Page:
IEEFA India: Retiring old thermal power first hurdle in reducing discom debt of well over Rs478,000 crore
Increasing competition, revising tariffs and deploying smart meters also recommended
Our new report proposes recommendations to reduce financial and operational inefficiencies across India’s power distribution sector, which as of May 2020 had accumulated massive overdue payment liabilities of Rs116,340 crore (US$16bn) to generation companies while already carrying a total outstanding debt of Rs478,000 crore (US$66bn) (in FY2018/19).
Written by Vibhuti Garg and Kashish Shah from the Institute for Energy Economics and Financial Analysis (IEEFA), the report recommends, among other strategies, that discoms work with state governments to retire their old inefficient and expensive thermal power plants as a key pathway to reducing their average cost of power procurement.
“We suggest state-based discoms sit down with state generation utilities and review what old thermal power plants they can retire, given the state of surplus capacity,” says Garg.
“Many thermal power stations are old and operating at well under half their capacity, yet the states are bound by contracts to continue to pay hefty capacity charges.
“We understand that retiring power plants won’t be easy as the proponents will want to make money for the life of the contract period. But in order to move forward and start to reduce the massive discom debt while enabling the states and the nation as a whole to transition to a cleaner, cheaper energy economy, the states will have to jump this hurdle.”
By taking steps to retire end-of-life, expensive legacy thermal power contracts, states will reduce their loses and be in more of a position to contract cleaner cheaper renewable power and invest in new technologies to further reduce losses such as smart meters.
DISCOMS HAVE BEEN UNABLE TO IMPROVE THEIR OPERATIONAL PERFORMANCE even after receiving multiple bailout packages from the government in the last decade.
While there is no silver bullet to improve discoms’ financial sustainability and viability, the report analyses three state-based case studies with respective recommendations on Maharashtra, Rajasthan, and Madhya Pradesh, while also focusing on actions the Government of India can make now to reduce the discom’s financial burden, including:
Resolving legacy contracts issues and closing inefficient plants will result in significant savings from fixed charge payments while reducing pollution and carbon footprints.
Reducing cross-subsidies to decrease the burden on C&I customers and increase healthy competition while allowing for the implementation of Direct Benefit Transfers (DBTs), solar irrigation pumps, and the adoption of policies favouring the uptake of solar rooftop systems.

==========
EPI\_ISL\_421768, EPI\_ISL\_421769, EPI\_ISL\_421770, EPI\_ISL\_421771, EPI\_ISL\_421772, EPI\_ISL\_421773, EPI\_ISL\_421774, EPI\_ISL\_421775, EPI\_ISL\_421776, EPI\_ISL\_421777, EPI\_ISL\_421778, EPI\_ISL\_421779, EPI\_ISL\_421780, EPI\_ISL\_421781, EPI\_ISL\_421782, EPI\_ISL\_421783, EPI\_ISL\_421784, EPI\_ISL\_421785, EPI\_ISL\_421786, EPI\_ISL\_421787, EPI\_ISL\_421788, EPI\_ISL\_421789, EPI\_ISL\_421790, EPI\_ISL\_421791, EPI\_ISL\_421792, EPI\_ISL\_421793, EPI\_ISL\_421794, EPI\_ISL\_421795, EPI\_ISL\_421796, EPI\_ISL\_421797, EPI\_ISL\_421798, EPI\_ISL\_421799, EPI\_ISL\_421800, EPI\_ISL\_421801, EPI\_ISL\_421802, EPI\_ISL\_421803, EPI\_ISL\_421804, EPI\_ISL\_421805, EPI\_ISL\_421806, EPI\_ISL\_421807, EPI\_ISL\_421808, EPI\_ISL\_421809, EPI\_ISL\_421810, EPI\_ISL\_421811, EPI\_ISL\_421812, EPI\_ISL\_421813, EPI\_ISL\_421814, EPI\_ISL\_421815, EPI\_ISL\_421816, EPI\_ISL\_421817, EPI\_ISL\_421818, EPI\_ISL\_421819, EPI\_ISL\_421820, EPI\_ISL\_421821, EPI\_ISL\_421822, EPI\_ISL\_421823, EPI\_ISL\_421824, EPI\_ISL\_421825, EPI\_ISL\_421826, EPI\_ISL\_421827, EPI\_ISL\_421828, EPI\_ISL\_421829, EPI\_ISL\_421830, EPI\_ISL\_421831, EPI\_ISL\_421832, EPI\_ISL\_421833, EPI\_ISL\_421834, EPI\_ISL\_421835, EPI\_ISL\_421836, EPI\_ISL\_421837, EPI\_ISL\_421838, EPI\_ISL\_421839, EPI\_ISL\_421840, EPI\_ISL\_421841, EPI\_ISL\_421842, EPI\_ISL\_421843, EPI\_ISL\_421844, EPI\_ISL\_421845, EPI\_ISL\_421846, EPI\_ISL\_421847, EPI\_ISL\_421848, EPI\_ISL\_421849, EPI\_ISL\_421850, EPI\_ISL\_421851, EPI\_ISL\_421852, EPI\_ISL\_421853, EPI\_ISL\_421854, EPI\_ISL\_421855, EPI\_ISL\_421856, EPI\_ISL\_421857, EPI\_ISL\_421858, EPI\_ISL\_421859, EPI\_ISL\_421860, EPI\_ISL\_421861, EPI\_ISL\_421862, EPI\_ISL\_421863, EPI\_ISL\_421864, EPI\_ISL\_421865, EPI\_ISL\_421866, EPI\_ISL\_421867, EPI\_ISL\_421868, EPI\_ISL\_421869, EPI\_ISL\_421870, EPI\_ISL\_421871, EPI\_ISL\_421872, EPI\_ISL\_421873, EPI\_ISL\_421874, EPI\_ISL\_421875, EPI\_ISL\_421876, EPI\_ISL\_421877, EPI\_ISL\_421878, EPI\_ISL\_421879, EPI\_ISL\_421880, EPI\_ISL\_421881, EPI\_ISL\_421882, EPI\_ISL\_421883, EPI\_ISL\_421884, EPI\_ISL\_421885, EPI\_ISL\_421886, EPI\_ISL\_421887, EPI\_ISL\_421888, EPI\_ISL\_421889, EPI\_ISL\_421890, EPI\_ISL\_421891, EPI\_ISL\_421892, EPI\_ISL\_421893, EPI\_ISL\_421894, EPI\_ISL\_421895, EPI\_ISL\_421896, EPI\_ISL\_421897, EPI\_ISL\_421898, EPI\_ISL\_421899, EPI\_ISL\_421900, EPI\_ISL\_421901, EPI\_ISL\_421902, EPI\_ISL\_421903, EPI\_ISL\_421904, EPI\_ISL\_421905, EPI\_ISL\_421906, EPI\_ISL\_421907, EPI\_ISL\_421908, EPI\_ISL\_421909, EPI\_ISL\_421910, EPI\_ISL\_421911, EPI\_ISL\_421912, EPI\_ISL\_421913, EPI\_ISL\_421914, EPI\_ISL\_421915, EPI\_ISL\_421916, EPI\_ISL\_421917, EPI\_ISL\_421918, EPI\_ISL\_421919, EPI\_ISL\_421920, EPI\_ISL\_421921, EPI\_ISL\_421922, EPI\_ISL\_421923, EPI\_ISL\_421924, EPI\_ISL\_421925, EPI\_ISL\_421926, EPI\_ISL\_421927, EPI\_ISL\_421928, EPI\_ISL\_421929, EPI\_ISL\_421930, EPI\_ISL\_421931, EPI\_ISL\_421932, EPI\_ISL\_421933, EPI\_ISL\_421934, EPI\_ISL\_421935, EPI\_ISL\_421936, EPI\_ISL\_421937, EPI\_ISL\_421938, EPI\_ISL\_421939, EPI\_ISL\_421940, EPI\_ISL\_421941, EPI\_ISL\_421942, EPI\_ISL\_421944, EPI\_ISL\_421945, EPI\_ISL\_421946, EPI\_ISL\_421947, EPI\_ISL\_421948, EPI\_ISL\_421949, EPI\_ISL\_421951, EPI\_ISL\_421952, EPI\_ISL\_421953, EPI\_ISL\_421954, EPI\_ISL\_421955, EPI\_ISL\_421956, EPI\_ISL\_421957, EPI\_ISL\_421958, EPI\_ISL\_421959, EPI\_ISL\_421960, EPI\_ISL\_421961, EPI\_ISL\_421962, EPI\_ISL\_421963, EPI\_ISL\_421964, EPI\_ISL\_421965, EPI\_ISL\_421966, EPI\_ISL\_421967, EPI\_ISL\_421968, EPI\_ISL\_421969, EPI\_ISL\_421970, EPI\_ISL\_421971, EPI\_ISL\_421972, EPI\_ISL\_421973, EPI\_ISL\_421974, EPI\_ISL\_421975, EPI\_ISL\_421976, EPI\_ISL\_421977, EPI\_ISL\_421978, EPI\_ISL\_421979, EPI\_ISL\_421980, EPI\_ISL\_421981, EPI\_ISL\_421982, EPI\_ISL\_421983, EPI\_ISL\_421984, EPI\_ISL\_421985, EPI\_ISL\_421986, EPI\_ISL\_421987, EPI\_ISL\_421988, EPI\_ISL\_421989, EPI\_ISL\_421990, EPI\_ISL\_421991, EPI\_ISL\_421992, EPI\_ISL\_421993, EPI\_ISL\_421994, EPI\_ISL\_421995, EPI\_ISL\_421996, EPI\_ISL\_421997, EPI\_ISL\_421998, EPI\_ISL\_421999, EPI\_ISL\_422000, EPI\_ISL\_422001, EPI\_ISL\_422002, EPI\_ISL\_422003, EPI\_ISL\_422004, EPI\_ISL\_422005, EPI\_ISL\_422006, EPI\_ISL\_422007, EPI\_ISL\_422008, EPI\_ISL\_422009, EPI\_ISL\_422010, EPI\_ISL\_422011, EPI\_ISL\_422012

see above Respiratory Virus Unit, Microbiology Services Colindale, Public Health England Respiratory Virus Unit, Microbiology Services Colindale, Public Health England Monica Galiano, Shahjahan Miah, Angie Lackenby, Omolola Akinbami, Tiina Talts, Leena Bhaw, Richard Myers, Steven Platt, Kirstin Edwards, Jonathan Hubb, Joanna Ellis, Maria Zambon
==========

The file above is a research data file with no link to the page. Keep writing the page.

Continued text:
Reducing unsustainably high AT&C losses through digitalisation including progressively installing smart and prepaid meters will help discoms manage their load better while reducing metering and billing losses and theft.
Revising tariffs annually .
Increasing private competition will encourage generators, distributors, and electricity supply companies to develop technologies to increase efficiency, lower costs, and make supply more reliable. Privatisation of some profitable regional franchises could provide a capital infusion to reduce the state discom footprint and debt levels, while putting more focus on resolving the long tail of the most heavily lossmaking regions.
Moving to a National Pool Market will optimise generation nationally as the best return from the huge investment in the national generation fleet, while progressively squeezing out the highest cost suppliers and incentivising the entry of new low cost generation (at tariffs less than half of some of the legal thermal generators).
Implementing a new tariff structure, with indexation for renewable energy tariffs with developers bidding for levelized tariffs, will allow inflation indexation over the length of the contract, lowering solar and wind tariffs in the first 5 years of operation by 10-20%, and accelerating uptake and thereby displacing expensive and obsolete thermal capacity.
“THERE IS NO POINT IN BAILING OUT STATE DISCOMS AGAIN AND AGAIN without a locking in a systemic improvement,” says Shah.
“Absent a sustained resolution of the discom sector losses, India’s overall power sector reform will be stilted and ineffective.”
“The government of India should consider implementing these recommendations and if state government lending and guarantees and discom subsidies are still required, they should be tied to the performance of the states in implementing reform in their distribution sectors.”
Garg says the extreme financial mess in the distribution sector is unsustainable and requires bold policy choices and government expenditure to create an economically sustainable national electricity system.
“New private competition can bring new capital and more innovation,” says Garg.
“The central government should also prioritise a green stimulus to recover the economic growth smothered by COVID-19. Such growth coupled with the reform measures proposed could help to extract the distribution companies from their current predicament.”
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